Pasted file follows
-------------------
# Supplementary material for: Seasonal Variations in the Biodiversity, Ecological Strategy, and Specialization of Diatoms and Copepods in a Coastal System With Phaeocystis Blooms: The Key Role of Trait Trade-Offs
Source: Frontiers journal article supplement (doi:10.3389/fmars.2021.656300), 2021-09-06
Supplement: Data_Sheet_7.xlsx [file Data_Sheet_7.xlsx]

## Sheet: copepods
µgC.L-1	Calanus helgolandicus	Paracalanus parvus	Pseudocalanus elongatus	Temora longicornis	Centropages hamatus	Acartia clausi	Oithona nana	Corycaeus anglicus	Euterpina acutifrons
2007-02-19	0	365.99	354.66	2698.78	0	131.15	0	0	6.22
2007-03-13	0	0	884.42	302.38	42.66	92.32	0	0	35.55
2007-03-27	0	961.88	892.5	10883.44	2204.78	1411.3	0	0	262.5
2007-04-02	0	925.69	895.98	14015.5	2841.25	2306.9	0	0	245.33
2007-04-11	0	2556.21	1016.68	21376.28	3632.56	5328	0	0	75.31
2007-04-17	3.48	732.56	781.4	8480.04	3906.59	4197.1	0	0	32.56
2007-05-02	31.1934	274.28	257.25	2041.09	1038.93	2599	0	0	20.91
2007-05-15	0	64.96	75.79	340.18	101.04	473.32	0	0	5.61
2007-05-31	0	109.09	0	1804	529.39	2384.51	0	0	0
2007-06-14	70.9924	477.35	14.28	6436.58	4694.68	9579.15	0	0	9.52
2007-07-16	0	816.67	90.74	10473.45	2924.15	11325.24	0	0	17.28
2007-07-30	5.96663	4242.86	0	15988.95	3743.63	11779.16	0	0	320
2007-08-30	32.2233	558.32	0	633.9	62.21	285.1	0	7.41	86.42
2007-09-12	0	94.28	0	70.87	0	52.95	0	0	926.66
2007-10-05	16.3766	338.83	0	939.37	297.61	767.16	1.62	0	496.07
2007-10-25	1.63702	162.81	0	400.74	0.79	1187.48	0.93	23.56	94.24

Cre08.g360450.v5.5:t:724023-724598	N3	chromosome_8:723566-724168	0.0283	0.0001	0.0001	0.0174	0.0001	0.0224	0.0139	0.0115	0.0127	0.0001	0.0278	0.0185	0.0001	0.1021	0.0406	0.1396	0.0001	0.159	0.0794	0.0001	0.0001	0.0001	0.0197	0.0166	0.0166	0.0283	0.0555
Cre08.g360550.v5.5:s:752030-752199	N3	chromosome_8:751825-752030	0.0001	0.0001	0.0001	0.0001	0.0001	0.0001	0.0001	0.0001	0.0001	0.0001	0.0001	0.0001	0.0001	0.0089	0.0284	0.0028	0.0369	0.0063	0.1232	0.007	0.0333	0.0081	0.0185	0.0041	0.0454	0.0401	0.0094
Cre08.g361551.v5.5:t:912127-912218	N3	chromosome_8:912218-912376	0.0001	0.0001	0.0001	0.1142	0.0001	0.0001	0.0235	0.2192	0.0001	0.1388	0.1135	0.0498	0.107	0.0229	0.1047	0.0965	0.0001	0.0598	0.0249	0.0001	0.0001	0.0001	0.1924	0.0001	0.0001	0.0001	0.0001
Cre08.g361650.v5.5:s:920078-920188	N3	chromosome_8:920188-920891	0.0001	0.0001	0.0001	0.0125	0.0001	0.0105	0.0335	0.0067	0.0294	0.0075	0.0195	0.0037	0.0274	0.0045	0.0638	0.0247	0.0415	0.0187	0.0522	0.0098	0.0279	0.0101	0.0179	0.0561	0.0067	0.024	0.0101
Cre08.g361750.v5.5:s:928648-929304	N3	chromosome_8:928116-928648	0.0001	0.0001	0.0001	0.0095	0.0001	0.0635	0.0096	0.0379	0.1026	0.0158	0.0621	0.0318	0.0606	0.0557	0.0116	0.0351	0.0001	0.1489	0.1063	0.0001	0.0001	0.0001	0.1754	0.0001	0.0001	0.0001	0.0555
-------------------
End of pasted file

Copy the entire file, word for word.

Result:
# Supplementary material for: Seasonal Variations in the Biodiversity, Ecological Strategy, and Specialization of Diatoms and Copepods in a Coastal System With Phaeocystis Blooms: The Key Role of Trait Trade-Offs
Source: Frontiers journal article supplement (doi:10.3389/fmars.2021.656300), 2021-09-06
Supplement: Data_Sheet_7.xlsx [file Data_Sheet_7.xlsx]

## Sheet: copepods
µgC.L-1	Calanus helgolandicus	Paracalanus parvus	Pseudocalanus elongatus	Temora longicornis	Centropages hamatus	Acartia clausi	Oithona nana	Corycaeus anglicus	Euterpina acutifrons
2007-02-19	0	365.99	354.66	2698.78	0	131.15	0	0	6.22
2007-03-13	0	0	884.42	302.38	42.66	92.32	0	0	35.55
2007-03-27	0	961.88	892.5	10883.44	2204.78	1411.3	0	0	262.5
2007-04-02	0	925.69	895.98	14015.5	2841.25	2306.9	0	0	245.33
2007-04-11	0	2556.21	1016.68	21376.28	3632.56	5328	0	0	75.31
2007-04-17	3.48	732.56	781.4	8480.04	3906.59	4197.1	0	0	32.56
2007-05-02	31.1934	274.28	257.25	2041.09	1038.93	2599	0	0	20.91
2007-05-15	0	64.96	75.79	340.18	101.04	473.32	0	0	5.61
2007-05-31	0	109.09	0	1804	529.39	2384.51	0	0	0
2007-06-14	70.9924	477.35	14.28	6436.58	4694.68	9579.15	0	0	9.52
2007-07-16	0	816.67	90.74	10473.45	2924.15	11325.24	0	0	17.28
2007-07-30	5.96663	4242.86	0	15988.95	3743.63	11779.16	0	0	320
2007-08-30	32.2233	558.32	0	633.9	62.21	285.1	0	7.41	86.42
2007-09-12	0	94.28	0	70.87	0	52.95	0	0	926.66
2007-10-05	16.3766	338.83	0	939.37	297.61	767.16	1.62	0	496.07
2007-10-25	1.63702	162.81	0	400.74	0.79	1187.48	0.93	23.56	94.24

Cre08.g360450.v5.5:t:724023-724598	N3	chromosome_8:723566-724168	0.0283	0.0001	0.0001	0.0174	0.0001	0.0224	0.0139	0.0115	0.0127	0.0001	0.0278	0.0185	0.0001	0.1021	0.0406	0.1396	0.0001	0.159	0.0794	0.0001	0.0001	0.0001	0.0197	0.0166	0.0166	0.0283	0.0555
Cre08.g360550.v5.5:s:752030-752199	N3	chromosome_8:751825-752030	0.0001	0.0001	0.0001	0.0001	0.0001	0.0001	0.0001	0.0001	0.0001	0.0001	0.0001	0.0001	0.0001	0.0089	0.0284	0.0028	0.0369	0.0063	0.1232	0.007	0.0333	0.0081	0.0185	0.0041	0.0454	0.0401	0.0094
Cre08.g361551.v5.5:t:912127-912218	N3	chromosome_8:912218-912376	0.0001	0.0001	0.0001	0.1142	0.0001	0.0001	0.0235	0.2192	0.0001	0.1388	0.1135	0.0498	0.107	0.0229	0.1047	0.0965	0.0001	0.0598	0.0249	0.0001	0.0001	0.0001	0.1924	0.0001	0.0001	0.0001	0.0001
Cre08.g361650.v5.5:s:920078-920188	N3	chromosome_8:920188-920891	0.0001	0.0001	0.0001	0.0125	0.0001	0.0105	0.0335	0.0067	0.0294	0.0075	0.0195	0.0037	0.0274	0.0045	0.0638	0.0247	0.0415	0.0187	0.0522	0.0098	0.0279	0.0101	0.0179	0.0561	0.0067	0.024	0.0101
Cre08.g361750.v5.5:s:928648-929304	N3	chromosome_8:928116-928648	0.0001	0.0001	0.0001	0.0095	0.0001	0.0635	0.0096	0.0379	0.1026	0.0158	0.0621	0.0318	0.0606	0.0557	0.0116	0.0351	0.0001	0.1489	0.1063	0.0001	0.0001	0.0001	0.1754	0.0001	0.0001	0.0001	0.0555